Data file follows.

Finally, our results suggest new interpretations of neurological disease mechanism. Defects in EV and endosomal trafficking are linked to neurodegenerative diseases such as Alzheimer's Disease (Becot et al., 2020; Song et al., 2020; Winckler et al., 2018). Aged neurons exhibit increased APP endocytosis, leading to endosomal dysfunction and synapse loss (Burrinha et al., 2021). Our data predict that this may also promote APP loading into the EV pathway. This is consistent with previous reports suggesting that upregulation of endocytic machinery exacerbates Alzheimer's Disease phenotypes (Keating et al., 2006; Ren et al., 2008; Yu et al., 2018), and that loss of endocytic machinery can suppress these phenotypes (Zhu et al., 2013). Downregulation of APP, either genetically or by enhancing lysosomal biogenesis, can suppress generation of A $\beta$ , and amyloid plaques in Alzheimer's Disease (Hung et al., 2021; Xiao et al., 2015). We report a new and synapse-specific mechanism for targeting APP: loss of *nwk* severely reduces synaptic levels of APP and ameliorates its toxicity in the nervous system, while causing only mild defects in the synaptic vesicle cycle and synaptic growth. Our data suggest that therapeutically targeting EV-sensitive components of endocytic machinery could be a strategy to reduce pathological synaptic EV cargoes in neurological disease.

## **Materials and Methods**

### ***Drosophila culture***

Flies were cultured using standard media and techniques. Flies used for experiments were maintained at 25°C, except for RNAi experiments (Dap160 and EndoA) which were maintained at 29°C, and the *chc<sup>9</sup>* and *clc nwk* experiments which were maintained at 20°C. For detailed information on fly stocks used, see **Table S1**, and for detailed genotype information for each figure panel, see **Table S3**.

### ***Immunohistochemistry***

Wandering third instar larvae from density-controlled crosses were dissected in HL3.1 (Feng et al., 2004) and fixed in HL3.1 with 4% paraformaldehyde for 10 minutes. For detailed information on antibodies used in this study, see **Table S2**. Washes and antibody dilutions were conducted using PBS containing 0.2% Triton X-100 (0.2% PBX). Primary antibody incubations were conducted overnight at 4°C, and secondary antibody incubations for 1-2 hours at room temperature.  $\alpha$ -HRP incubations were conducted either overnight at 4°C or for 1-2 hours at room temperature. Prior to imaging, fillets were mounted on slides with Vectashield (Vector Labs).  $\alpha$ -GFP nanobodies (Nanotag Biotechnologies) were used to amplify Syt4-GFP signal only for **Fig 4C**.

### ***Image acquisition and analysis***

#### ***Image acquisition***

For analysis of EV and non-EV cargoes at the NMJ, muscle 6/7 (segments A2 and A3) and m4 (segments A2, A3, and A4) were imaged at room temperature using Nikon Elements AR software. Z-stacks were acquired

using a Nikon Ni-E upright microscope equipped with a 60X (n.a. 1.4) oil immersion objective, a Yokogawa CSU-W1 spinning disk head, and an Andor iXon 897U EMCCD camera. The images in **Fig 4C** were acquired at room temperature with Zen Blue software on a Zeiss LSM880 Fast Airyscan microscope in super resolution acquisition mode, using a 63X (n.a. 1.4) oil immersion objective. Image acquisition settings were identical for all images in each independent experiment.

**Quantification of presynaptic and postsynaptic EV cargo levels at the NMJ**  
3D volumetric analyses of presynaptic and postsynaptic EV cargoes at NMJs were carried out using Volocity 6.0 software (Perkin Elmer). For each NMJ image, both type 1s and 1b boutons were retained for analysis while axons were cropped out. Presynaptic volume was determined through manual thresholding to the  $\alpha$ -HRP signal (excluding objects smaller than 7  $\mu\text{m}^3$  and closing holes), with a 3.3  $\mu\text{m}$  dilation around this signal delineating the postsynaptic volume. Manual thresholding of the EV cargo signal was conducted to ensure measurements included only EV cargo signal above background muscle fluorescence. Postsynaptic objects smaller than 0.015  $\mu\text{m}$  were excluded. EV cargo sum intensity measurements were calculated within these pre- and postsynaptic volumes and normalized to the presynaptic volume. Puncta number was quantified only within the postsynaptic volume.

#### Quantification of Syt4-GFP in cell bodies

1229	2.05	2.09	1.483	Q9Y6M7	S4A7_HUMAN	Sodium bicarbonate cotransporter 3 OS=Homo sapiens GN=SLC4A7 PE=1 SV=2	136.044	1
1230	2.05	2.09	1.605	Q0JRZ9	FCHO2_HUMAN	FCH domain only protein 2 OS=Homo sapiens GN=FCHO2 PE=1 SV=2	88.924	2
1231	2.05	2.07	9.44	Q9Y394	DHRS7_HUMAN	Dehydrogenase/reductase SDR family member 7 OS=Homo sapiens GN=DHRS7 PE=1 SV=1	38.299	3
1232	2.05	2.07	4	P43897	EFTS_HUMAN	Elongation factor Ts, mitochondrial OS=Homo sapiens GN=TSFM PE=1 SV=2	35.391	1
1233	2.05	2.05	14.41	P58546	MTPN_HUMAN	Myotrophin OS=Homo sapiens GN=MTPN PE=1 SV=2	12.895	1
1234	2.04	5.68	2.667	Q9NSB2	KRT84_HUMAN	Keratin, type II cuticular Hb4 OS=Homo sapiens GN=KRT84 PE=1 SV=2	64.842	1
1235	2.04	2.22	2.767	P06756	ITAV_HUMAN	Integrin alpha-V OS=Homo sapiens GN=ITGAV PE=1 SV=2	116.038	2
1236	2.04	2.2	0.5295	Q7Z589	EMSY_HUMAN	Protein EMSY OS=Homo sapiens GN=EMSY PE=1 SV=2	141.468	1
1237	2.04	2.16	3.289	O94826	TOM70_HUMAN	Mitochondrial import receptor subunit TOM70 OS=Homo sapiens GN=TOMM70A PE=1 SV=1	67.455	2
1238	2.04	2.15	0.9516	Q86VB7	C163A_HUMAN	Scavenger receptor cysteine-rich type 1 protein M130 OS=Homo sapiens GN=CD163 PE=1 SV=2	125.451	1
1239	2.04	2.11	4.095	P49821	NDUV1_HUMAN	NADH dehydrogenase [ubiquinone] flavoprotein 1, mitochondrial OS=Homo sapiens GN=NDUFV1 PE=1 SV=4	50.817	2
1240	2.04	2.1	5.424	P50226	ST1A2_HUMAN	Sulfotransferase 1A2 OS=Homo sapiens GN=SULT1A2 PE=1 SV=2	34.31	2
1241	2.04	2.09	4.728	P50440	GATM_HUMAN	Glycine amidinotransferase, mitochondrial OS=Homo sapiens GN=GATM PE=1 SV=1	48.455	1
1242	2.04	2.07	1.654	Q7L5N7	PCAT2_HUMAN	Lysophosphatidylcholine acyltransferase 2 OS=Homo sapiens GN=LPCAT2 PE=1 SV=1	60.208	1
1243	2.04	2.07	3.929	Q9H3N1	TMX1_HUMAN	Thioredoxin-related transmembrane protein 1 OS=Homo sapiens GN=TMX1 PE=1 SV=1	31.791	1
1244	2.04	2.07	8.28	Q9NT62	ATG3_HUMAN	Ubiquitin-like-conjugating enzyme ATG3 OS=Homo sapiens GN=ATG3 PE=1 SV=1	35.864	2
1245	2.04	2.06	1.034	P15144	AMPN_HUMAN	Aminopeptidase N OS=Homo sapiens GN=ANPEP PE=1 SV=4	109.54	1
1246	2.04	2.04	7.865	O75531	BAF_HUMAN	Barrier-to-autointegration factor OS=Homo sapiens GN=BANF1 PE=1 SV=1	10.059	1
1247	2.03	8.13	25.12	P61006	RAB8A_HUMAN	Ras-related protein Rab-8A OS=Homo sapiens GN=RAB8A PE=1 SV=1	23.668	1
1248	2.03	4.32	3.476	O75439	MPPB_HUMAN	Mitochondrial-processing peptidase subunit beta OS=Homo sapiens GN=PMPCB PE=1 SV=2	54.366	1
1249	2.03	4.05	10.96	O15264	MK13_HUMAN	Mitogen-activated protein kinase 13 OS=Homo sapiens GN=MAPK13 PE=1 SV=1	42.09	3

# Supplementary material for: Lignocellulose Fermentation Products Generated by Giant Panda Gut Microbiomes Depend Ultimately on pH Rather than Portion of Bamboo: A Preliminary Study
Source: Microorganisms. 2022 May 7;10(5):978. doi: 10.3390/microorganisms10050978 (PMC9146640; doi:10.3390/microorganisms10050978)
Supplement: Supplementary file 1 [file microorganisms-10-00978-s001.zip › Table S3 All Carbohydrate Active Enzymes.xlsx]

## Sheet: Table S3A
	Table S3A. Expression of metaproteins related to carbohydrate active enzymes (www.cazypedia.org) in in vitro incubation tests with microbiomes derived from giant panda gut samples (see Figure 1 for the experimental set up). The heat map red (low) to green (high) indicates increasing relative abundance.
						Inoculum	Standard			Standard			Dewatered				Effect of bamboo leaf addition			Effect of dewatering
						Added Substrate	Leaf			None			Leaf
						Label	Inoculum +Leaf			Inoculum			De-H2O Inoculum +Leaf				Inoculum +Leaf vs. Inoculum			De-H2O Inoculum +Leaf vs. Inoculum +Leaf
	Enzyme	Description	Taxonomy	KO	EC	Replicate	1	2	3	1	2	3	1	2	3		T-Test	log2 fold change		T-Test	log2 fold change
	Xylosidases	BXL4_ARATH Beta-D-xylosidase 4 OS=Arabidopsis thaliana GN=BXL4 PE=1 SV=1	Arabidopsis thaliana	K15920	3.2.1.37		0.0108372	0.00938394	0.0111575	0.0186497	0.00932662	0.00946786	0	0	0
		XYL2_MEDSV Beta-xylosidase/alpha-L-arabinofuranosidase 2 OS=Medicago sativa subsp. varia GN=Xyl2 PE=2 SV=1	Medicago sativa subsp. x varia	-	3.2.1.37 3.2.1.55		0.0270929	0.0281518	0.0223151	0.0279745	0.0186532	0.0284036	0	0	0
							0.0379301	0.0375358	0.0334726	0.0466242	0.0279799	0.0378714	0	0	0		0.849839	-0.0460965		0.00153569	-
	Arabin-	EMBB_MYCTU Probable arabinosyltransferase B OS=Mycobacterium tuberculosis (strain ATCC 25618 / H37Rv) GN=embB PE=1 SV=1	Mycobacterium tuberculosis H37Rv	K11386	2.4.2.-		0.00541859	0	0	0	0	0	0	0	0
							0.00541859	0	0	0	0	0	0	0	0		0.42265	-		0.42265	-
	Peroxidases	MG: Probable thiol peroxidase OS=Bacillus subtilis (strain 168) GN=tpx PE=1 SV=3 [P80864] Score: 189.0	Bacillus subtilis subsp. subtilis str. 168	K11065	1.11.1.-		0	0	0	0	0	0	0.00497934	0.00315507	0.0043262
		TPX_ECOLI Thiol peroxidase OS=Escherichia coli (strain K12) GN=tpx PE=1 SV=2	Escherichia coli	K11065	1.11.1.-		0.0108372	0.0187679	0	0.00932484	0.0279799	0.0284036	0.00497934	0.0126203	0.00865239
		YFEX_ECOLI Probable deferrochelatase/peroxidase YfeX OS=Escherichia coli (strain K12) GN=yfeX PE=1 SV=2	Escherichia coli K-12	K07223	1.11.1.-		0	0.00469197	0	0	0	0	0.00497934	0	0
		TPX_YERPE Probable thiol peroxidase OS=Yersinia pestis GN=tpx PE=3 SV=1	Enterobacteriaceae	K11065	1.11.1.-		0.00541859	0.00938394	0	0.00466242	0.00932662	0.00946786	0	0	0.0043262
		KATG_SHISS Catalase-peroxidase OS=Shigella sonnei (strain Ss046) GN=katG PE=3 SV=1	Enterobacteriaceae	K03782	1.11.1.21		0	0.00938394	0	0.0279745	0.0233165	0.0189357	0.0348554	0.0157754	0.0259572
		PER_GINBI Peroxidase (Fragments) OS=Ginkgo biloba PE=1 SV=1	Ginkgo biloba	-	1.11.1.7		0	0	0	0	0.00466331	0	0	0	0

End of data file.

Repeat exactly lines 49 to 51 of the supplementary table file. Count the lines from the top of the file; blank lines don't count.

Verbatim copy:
	Peroxidases	MG: Probable thiol peroxidase OS=Bacillus subtilis (strain 168) GN=tpx PE=1 SV=3 [P80864] Score: 189.0	Bacillus subtilis subsp. subtilis str. 168	K11065	1.11.1.-		0	0	0	0	0	0	0.00497934	0.00315507	0.0043262
		TPX_ECOLI Thiol peroxidase OS=Escherichia coli (strain K12) GN=tpx PE=1 SV=2	Escherichia coli	K11065	1.11.1.-		0.0108372	0.0187679	0	0.00932484	0.0279799	0.0284036	0.00497934	0.0126203	0.00865239
		YFEX_ECOLI Probable deferrochelatase/peroxidase YfeX OS=Escherichia coli (strain K12) GN=yfeX PE=1 SV=2	Escherichia coli K-12	K07223	1.11.1.-		0	0.00469197	0	0	0	0	0.00497934	0	0